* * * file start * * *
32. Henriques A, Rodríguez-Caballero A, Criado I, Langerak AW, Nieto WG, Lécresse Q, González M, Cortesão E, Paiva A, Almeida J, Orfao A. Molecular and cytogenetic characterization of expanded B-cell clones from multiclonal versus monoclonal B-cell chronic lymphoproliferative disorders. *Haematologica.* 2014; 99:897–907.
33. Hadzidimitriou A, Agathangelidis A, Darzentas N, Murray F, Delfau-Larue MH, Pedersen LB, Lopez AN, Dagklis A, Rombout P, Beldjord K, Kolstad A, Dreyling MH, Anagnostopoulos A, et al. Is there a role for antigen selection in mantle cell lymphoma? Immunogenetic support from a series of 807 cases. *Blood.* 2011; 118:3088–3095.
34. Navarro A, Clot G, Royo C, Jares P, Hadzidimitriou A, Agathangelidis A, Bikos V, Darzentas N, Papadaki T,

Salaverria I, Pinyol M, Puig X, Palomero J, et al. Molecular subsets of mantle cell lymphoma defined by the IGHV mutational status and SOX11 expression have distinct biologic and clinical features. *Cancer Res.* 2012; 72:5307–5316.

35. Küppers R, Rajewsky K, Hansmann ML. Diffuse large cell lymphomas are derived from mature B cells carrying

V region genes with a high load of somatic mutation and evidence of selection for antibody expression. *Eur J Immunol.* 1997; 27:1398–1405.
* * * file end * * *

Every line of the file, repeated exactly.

32. Henriques A, Rodríguez-Caballero A, Criado I, Langerak AW, Nieto WG, Lécresse Q, González M, Cortesão E, Paiva A, Almeida J, Orfao A. Molecular and cytogenetic characterization of expanded B-cell clones from multiclonal versus monoclonal B-cell chronic lymphoproliferative disorders. *Haematologica.* 2014; 99:897–907.
33. Hadzidimitriou A, Agathangelidis A, Darzentas N, Murray F, Delfau-Larue MH, Pedersen LB, Lopez AN, Dagklis A, Rombout P, Beldjord K, Kolstad A, Dreyling MH, Anagnostopoulos A, et al. Is there a role for antigen selection in mantle cell lymphoma? Immunogenetic support from a series of 807 cases. *Blood.* 2011; 118:3088–3095.
34. Navarro A, Clot G, Royo C, Jares P, Hadzidimitriou A, Agathangelidis A, Bikos V, Darzentas N, Papadaki T,

Salaverria I, Pinyol M, Puig X, Palomero J, et al. Molecular subsets of mantle cell lymphoma defined by the IGHV mutational status and SOX11 expression have distinct biologic and clinical features. *Cancer Res.* 2012; 72:5307–5316.

35. Küppers R, Rajewsky K, Hansmann ML. Diffuse large cell lymphomas are derived from mature B cells carrying

V region genes with a high load of somatic mutation and evidence of selection for antibody expression. *Eur J Immunol.* 1997; 27:1398–1405.